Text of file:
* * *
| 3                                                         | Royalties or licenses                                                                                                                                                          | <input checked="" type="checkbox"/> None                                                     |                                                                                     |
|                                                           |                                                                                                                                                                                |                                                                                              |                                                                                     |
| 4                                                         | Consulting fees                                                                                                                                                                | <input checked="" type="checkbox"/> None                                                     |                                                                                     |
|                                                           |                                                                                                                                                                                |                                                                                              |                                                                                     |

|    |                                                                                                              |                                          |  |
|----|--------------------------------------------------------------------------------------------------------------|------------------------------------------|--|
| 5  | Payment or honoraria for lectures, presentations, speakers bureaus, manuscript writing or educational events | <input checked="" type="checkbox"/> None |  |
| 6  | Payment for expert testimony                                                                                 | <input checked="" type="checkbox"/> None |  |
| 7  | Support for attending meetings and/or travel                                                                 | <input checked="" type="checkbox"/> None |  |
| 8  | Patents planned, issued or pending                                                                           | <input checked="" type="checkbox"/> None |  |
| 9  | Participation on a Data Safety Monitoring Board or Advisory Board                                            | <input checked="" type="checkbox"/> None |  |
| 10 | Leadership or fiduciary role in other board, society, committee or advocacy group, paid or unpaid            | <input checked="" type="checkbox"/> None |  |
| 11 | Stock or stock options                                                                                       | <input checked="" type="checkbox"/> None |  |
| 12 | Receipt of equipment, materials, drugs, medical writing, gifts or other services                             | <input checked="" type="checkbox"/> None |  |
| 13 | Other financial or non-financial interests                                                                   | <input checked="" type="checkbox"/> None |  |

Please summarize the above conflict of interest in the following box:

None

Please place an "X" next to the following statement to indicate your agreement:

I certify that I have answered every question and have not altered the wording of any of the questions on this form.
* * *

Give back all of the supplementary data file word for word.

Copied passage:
| 3                                                         | Royalties or licenses                                                                                                                                                          | <input checked="" type="checkbox"/> None                                                     |                                                                                     |
|                                                           |                                                                                                                                                                                |                                                                                              |                                                                                     |
| 4                                                         | Consulting fees                                                                                                                                                                | <input checked="" type="checkbox"/> None                                                     |                                                                                     |
|                                                           |                                                                                                                                                                                |                                                                                              |                                                                                     |

|    |                                                                                                              |                                          |  |
|----|--------------------------------------------------------------------------------------------------------------|------------------------------------------|--|
| 5  | Payment or honoraria for lectures, presentations, speakers bureaus, manuscript writing or educational events | <input checked="" type="checkbox"/> None |  |
| 6  | Payment for expert testimony                                                                                 | <input checked="" type="checkbox"/> None |  |
| 7  | Support for attending meetings and/or travel                                                                 | <input checked="" type="checkbox"/> None |  |
| 8  | Patents planned, issued or pending                                                                           | <input checked="" type="checkbox"/> None |  |
| 9  | Participation on a Data Safety Monitoring Board or Advisory Board                                            | <input checked="" type="checkbox"/> None |  |
| 10 | Leadership or fiduciary role in other board, society, committee or advocacy group, paid or unpaid            | <input checked="" type="checkbox"/> None |  |
| 11 | Stock or stock options                                                                                       | <input checked="" type="checkbox"/> None |  |
| 12 | Receipt of equipment, materials, drugs, medical writing, gifts or other services                             | <input checked="" type="checkbox"/> None |  |
| 13 | Other financial or non-financial interests                                                                   | <input checked="" type="checkbox"/> None |  |

Please summarize the above conflict of interest in the following box:

None

Please place an "X" next to the following statement to indicate your agreement:

I certify that I have answered every question and have not altered the wording of any of the questions on this form.